## anonymous 5 years ago how to solve dy/dx=x+y,y(0)=1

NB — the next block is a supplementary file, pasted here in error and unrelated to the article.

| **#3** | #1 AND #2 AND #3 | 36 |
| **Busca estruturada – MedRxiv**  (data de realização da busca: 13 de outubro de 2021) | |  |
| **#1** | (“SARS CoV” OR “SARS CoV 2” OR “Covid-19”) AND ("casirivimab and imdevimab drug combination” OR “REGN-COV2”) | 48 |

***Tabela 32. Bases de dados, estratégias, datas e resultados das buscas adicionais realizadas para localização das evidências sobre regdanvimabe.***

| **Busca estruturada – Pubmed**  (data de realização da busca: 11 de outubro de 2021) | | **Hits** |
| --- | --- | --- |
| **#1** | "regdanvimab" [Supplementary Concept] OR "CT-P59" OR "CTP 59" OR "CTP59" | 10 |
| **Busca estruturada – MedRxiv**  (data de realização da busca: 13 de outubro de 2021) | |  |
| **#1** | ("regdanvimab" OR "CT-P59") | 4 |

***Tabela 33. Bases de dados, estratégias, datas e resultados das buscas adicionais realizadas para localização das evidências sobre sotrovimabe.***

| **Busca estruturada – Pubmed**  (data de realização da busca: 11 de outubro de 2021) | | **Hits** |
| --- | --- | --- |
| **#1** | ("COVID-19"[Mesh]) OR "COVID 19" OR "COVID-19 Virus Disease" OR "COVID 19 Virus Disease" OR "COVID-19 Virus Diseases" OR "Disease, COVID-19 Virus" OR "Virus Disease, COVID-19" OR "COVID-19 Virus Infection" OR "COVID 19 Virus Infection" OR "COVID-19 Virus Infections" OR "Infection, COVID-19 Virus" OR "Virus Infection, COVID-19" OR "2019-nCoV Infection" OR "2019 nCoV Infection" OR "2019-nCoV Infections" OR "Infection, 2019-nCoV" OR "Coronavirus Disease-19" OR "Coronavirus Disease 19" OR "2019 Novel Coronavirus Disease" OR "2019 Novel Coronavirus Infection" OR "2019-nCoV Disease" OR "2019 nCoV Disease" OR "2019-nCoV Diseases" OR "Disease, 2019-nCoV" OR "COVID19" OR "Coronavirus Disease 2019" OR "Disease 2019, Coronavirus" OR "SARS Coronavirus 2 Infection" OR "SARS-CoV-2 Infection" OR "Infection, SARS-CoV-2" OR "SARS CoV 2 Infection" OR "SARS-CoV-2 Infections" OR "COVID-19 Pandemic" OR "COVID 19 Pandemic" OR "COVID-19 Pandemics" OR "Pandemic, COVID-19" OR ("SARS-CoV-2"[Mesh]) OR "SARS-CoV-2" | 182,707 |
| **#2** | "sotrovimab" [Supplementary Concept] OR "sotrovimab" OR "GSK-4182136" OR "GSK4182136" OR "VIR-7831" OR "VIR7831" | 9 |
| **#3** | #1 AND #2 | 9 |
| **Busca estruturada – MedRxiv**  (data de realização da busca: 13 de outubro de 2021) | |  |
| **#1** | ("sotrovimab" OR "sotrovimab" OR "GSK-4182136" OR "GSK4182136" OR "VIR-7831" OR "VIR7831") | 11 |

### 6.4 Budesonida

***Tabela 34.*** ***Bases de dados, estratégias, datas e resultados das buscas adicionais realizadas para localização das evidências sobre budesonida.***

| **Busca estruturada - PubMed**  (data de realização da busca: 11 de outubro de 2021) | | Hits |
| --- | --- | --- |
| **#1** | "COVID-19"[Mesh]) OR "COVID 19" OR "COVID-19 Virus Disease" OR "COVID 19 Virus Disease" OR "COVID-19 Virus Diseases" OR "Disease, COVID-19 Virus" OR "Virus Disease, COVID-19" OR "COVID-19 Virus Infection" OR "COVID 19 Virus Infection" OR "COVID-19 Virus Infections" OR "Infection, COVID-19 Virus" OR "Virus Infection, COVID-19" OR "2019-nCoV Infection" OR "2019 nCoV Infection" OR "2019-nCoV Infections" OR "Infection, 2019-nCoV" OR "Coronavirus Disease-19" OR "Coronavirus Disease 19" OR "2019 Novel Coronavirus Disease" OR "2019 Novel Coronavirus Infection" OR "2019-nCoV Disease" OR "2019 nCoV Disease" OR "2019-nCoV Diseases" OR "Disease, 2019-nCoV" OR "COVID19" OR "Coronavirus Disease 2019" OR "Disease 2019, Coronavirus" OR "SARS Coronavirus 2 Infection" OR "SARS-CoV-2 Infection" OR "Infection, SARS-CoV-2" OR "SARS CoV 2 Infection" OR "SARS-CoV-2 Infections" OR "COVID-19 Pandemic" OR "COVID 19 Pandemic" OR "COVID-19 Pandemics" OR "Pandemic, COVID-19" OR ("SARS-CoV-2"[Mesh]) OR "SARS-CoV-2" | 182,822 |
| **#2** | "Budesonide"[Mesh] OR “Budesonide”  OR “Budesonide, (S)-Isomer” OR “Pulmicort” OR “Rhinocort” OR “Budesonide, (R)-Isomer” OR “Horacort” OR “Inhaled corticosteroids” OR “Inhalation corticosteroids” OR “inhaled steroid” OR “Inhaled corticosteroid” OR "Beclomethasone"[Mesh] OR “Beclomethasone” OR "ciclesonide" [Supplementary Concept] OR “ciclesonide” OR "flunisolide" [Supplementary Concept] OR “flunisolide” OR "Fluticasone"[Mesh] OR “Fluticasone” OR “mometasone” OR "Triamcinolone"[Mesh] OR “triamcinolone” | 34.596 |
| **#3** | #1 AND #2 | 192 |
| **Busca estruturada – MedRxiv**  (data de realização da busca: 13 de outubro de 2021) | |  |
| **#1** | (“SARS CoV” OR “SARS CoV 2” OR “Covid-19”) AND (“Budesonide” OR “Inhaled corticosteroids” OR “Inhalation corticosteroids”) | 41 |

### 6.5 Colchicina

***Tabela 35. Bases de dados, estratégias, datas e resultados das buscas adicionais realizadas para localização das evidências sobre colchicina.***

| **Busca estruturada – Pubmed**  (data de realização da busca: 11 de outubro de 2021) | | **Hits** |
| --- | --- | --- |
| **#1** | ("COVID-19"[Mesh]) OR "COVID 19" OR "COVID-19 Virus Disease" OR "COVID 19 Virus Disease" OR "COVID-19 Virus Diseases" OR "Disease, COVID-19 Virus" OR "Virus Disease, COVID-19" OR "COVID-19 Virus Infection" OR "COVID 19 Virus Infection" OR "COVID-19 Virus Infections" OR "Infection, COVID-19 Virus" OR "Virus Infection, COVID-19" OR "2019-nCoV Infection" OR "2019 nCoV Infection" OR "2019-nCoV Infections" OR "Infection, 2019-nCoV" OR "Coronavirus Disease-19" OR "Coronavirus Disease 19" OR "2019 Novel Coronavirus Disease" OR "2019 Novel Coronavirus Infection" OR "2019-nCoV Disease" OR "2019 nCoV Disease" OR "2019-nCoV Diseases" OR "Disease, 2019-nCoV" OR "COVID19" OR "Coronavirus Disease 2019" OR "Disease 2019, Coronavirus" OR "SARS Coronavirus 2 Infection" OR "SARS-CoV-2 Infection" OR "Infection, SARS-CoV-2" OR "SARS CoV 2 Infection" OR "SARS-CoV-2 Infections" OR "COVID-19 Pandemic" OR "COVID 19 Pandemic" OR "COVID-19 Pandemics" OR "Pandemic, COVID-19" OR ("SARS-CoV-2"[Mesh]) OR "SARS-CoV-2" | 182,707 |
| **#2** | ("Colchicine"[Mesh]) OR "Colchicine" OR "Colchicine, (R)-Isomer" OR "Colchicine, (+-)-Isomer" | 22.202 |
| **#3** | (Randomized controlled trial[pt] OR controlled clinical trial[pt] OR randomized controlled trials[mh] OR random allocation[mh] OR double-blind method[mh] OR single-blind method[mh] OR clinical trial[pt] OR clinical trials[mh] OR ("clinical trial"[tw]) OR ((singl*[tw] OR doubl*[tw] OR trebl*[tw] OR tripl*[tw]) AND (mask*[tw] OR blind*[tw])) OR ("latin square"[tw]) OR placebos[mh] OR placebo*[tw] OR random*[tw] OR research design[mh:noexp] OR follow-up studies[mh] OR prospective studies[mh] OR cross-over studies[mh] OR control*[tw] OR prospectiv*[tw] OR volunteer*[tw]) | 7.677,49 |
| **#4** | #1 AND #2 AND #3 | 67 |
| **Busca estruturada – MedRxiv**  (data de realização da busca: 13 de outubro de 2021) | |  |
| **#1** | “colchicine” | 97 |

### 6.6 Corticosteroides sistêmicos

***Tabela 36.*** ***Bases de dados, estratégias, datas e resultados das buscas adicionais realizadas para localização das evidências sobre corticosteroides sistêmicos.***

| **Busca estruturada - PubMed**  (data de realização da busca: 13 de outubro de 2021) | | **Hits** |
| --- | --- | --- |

Noting that this is a linear ordinary differential equation, we can rewrite it in the form $\frac{dy}{dx} + p(x) \cdot y = g(x)$ where $p(x) = -1, g(x) = x$Finding the integration factor u(x) is trivial, as $u(x) = e^{\int p(x) dx} = e^{-x}$ Multiplying both sides by the integration factor, we arrive at $e^{-x} \frac{dy}{dx} + e^{-x} \cdot -y = e^{-x} \cdot x$ The left side may be rewritten as $(e^{-x} \cdot y)' = e^{-x} \cdot x$ and integrating both sides, we find that $\int (e^{-x} \cdot y)' dx = \int e^{-x} x dx$ which is $e^{-x} \cdot y + c_1 = -e^{-x} (x+ 1) + c_2$ for some c_1, c_2. Letting $c = c_2 - c_1$ we may rewrite the differential equation as $e^{-x} y = -e^{-x} (x + 1) + c$ Solving for y, we arrive at $y = \frac{-e^{-x} (x+ 1) + c}{e^{-x}} = c e^{x} - x - 1$ which is our general solution. Solving for c we find that $y(0) = c \cdot e^{0} - 0 - 1 = c - 1 = 1$ thus c equals 2.